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Alachua County volunteers participate in virtual cemetery project

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Grave marker cleaned before being photographed” credit=”Amanda Di Lella, WUFT

Preserving history one headstone at a time.

The Alachua County Virtual Cemetery Project cleans up and provides photographs of headstones from cemeteries across the county. This is the 11th year of the project.

Jim Powell, head of the project, said the focus is on saving history. Powell said GPS and maps were used to locate abandoned and landlocked cemeteries throughout the area.

“Stones wear out, believe it or not,” Powell said. “You think it’s written in stone, it’ll be there forever. It’s not.”

Each weekend, volunteers visit a new cemetery in Alachua County or surrounding areas. Photos are then uploaded to the website.

James Edward Powell III said the project allows families to find the final resting place of their loved ones. He hopes the project will eventually cover all cemeteries in Alachua County.

Powell III recounted a special case that sticks out in his mind. He found the headstone of a  young boy and then the headstone for the boy’s mother who had died while giving birth to him.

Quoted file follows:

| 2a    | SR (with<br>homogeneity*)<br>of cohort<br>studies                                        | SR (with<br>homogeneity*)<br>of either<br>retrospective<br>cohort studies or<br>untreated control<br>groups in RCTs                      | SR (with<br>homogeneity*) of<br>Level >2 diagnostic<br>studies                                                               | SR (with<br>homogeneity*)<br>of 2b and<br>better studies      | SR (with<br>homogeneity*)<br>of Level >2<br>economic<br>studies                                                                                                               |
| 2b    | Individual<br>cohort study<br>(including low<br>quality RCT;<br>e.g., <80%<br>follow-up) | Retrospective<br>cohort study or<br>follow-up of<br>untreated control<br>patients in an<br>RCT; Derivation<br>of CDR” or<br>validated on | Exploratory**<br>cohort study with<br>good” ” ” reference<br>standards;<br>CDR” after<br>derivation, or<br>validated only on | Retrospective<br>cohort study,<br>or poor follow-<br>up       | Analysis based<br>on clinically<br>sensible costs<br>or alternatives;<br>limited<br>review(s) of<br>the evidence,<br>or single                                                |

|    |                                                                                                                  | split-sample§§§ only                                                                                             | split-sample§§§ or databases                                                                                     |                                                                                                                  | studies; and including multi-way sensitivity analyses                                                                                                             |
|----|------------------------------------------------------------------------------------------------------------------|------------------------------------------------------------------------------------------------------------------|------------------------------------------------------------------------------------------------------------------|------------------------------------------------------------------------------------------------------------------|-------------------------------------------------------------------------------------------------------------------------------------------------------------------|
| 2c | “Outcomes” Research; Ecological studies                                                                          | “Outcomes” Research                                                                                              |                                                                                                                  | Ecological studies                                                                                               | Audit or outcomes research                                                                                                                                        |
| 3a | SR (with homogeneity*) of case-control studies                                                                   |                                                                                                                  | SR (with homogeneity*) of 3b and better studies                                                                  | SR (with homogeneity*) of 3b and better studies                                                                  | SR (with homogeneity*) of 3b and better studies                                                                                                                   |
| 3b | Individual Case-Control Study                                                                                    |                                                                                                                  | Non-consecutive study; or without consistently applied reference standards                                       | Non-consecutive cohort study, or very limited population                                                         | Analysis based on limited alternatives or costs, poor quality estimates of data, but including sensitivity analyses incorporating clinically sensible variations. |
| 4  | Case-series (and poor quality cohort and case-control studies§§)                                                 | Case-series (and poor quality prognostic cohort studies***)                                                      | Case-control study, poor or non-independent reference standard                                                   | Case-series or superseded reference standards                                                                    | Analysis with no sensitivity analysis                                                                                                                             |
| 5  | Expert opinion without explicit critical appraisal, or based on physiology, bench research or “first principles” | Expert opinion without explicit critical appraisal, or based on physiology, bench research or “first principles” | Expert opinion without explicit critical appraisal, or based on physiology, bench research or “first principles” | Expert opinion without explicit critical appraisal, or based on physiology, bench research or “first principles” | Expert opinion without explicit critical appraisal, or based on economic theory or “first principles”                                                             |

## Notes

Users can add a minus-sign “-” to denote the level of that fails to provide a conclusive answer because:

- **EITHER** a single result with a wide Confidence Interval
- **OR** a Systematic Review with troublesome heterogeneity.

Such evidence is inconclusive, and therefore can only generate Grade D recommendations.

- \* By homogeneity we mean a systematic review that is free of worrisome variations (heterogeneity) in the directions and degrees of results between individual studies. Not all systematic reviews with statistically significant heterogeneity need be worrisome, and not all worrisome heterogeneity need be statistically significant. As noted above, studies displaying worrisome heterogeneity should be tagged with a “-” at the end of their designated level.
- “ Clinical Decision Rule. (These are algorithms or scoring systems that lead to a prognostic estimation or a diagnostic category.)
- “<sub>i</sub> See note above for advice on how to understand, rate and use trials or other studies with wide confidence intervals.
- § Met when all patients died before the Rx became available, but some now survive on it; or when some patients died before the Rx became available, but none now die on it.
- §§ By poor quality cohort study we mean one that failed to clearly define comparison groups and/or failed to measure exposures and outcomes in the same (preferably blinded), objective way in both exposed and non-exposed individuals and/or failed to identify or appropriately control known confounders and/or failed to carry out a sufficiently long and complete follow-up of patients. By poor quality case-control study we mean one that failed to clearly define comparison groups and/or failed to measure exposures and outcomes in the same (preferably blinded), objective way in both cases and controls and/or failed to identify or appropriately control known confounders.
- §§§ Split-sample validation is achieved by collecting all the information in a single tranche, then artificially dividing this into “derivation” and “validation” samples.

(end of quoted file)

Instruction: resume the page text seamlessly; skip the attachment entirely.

“It was like a sign, saying I found the son, now I found the mom,” Powell III said. “And that was really cool.”

Photographs have been taken at 73 different cemeteries, according to the website. Photos from more than 30 cemeteries are still being edited.   Powell hopes to expand the website to include sound and additional pictures to help tell the story of these people.

Powell said people have made changes to some of the cemeteries, including putting up fences, after photos have been posted online.

“You’ll find different things that make you feel good,” Powell said.

 

 

 

About Cassandra Vangellow

Cassandra is a reporter for WUFT News and can be contacted by calling 352-392-6397 or emailing news@wuft.org.

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